In ancient Rome, crucifixion was used as a way to publically demonstrate the dire consequences of challenging the ruling authorities. The threat of torture and execution allowed Rome to keep the “pax Romana” – the Roman peace – in the outlying provinces using only a small occupying force. Like tyrants in every time and place, the Romans had built their power on the ultimate human weapon – death.


And the possibility of resurrection – even the potential for false rumors of resurrection – was so threatening to those whose power rested on the threat of death that, following Jesus’ burial, the Roman governor authorized a guard of soldiers to secure Jesus’ tomb, and, for good measure they sealed it so that any tampering would be evident.


Early the next morning, Matthew tells us, the two Marys go to keep watch at his tomb. To their utter surprise, they are greeted by a jarring earthquake and a blindingly bright messenger from God. While the guards cower in fear, this angel – who blazes like lightening – rolls away the enormous stone sealing the tomb, and perches on it as if it were an impromptu throne. The guards – who had been sent to keep watch over a dead man (surely they thought this would be the easiest job ever) – become like dead men themselves, frozen in their fear.


“Do not be afraid,” the angel tells women. “He is not here, he has been raised.” Following the angel’s instructions, the women hurry to tell the other disciples, and on the way to preach this good news, they meet their risen Lord himself, and fall at his feet in love and worship.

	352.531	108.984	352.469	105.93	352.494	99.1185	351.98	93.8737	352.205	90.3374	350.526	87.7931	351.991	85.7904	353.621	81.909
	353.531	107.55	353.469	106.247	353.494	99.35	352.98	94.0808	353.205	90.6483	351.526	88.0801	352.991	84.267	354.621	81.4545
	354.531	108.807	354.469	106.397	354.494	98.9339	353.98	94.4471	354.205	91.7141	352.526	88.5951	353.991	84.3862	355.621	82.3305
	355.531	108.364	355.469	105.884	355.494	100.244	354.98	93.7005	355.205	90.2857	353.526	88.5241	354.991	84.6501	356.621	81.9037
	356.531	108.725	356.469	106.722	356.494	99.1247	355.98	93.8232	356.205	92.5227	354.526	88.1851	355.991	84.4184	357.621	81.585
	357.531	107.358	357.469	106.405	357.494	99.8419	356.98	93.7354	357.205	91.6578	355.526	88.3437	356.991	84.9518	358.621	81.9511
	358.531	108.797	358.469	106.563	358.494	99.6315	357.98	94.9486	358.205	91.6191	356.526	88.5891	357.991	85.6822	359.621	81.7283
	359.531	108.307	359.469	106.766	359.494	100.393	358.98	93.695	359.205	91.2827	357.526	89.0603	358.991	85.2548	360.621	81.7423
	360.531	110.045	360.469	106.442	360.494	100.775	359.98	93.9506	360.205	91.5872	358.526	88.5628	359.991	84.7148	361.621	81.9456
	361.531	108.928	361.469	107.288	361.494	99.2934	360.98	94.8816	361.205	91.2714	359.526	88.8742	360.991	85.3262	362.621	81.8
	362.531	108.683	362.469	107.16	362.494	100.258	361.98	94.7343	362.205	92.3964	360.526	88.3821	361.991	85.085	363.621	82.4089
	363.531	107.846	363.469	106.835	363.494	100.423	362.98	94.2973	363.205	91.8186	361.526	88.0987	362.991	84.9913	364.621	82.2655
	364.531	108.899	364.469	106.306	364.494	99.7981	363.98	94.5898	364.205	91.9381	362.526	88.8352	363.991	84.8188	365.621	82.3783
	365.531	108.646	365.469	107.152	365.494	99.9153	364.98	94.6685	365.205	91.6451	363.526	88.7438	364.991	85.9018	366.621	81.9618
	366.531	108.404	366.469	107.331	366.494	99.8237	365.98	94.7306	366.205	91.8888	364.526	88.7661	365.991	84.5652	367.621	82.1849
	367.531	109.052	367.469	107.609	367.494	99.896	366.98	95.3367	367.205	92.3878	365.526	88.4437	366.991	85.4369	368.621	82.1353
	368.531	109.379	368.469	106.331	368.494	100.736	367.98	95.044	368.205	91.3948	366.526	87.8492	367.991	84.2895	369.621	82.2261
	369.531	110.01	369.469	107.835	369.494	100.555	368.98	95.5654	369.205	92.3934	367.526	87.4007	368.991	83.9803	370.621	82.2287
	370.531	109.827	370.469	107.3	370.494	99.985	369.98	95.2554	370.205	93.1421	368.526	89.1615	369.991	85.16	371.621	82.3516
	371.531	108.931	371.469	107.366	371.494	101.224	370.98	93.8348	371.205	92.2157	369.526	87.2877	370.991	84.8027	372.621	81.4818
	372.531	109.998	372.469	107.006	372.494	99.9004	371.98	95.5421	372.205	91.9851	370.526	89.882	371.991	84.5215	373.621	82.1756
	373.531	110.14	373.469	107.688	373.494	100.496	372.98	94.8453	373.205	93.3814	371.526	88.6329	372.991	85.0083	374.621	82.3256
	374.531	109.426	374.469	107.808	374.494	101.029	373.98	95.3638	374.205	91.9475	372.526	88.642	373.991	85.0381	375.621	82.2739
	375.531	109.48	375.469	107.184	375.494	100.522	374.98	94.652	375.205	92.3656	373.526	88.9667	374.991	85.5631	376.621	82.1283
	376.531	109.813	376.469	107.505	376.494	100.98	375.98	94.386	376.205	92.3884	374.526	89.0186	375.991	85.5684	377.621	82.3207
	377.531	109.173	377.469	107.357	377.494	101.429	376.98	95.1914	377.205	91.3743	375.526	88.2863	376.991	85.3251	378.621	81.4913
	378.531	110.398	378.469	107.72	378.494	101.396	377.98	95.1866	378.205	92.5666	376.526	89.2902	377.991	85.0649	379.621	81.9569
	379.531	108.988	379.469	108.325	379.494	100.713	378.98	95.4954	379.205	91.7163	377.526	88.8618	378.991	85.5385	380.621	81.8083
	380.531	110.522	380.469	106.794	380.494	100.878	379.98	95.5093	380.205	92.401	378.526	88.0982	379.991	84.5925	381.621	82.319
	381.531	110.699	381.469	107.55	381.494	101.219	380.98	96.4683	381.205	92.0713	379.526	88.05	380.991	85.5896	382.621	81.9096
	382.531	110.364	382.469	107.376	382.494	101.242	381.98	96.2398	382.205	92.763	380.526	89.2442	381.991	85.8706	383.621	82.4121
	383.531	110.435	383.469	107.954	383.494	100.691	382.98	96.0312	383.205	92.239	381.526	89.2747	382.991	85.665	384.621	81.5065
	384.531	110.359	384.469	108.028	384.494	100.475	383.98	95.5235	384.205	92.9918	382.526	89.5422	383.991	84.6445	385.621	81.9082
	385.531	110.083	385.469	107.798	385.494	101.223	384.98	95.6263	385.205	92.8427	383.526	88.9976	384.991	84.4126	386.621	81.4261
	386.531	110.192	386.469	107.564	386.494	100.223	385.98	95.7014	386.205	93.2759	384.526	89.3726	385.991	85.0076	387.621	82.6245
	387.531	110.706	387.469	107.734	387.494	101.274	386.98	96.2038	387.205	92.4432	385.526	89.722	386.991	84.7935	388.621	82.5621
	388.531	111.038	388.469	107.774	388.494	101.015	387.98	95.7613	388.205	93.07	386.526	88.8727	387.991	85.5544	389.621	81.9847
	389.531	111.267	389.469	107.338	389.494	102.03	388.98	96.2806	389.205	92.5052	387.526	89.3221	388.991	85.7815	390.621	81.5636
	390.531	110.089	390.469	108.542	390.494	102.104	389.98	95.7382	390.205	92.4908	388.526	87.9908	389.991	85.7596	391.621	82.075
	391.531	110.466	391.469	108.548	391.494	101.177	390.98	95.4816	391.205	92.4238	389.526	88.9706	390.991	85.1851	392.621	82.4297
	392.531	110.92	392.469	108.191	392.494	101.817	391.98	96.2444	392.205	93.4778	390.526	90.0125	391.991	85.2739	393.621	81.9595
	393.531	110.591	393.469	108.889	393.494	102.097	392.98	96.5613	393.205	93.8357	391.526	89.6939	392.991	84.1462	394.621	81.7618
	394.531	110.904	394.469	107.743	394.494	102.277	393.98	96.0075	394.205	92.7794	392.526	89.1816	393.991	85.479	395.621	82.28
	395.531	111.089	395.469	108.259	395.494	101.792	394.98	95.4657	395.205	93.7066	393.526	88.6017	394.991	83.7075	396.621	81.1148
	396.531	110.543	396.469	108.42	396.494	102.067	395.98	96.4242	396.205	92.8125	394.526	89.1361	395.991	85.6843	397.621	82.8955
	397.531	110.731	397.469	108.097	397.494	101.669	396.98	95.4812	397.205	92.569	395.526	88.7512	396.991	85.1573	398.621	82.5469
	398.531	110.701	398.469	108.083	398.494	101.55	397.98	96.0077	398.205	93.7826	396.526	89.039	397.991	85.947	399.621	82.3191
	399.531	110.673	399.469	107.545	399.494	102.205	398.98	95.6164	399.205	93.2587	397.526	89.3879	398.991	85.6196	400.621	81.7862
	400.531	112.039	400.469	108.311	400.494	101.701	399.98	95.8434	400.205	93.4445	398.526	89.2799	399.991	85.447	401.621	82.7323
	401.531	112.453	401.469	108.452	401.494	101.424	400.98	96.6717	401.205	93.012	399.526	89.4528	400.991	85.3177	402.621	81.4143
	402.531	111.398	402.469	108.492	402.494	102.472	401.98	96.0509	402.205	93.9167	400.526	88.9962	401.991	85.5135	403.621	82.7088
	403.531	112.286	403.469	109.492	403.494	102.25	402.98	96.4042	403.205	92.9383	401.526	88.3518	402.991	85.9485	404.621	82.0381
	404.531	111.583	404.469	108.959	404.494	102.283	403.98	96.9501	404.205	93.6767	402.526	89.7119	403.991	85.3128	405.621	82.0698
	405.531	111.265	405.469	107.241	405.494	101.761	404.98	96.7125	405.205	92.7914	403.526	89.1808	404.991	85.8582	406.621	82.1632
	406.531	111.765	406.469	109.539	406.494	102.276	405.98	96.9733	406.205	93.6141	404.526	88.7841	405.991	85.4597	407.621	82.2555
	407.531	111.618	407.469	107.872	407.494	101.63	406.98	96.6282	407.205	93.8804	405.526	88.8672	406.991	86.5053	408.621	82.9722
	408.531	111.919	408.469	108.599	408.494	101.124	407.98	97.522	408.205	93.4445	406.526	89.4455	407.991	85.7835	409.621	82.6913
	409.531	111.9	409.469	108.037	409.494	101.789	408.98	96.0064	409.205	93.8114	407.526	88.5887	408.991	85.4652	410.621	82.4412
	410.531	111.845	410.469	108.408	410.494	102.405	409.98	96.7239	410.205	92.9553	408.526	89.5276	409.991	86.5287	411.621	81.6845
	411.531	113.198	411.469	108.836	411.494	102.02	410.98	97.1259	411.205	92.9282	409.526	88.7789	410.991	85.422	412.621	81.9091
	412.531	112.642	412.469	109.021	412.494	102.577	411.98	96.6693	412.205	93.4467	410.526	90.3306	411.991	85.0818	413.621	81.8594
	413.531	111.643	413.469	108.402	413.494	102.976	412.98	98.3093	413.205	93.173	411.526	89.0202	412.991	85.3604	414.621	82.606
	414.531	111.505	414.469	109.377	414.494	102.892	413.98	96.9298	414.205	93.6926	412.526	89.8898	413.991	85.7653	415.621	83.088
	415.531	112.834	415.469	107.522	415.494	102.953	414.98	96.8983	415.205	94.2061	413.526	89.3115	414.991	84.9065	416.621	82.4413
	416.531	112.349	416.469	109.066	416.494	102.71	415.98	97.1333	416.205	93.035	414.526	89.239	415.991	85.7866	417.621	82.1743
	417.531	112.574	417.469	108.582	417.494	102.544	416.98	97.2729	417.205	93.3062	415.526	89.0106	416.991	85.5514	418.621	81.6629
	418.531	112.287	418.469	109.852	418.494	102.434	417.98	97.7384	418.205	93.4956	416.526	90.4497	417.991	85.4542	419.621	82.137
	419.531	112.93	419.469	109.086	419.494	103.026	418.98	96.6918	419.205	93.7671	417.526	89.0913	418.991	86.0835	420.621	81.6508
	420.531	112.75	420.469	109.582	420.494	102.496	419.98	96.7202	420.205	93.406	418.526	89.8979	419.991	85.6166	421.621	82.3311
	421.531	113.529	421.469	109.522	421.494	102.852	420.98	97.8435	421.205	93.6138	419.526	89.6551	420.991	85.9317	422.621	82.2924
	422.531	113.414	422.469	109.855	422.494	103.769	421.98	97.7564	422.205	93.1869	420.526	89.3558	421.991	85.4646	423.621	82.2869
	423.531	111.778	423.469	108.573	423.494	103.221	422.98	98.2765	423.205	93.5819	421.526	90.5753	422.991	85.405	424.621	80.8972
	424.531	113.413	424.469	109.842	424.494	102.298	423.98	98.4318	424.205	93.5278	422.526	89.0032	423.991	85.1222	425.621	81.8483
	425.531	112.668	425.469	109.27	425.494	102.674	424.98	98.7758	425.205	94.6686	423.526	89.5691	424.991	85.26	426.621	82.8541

It’s striking that in this narrative, like all the other gospel accounts, no one actually sees the resurrection. We who follow the resurrected Christ have the testimony of witnesses to the empty tomb and to the risen Christ, but we have no indisputable proof, and no record of how just this inexplicable reality came to be. We have a living church that testifies to the presence of the risen Christ, but no explanation, short of the miraculous, of how Jesus’ mangled body was brought back to life. And even so, it’s a terribly threatening story for rulers who depend on fear for their power. Even so, it’s given birth to communities of resistance around the world, who declare with their lives that they trust in a power that is stronger than death.


The most fearless person I ever met is a Burundian woman named Maggy Barankitse. Maggy was a young woman living in the tiny village of Ruyigi in 1993 when ethnic-based violence broke out across her country.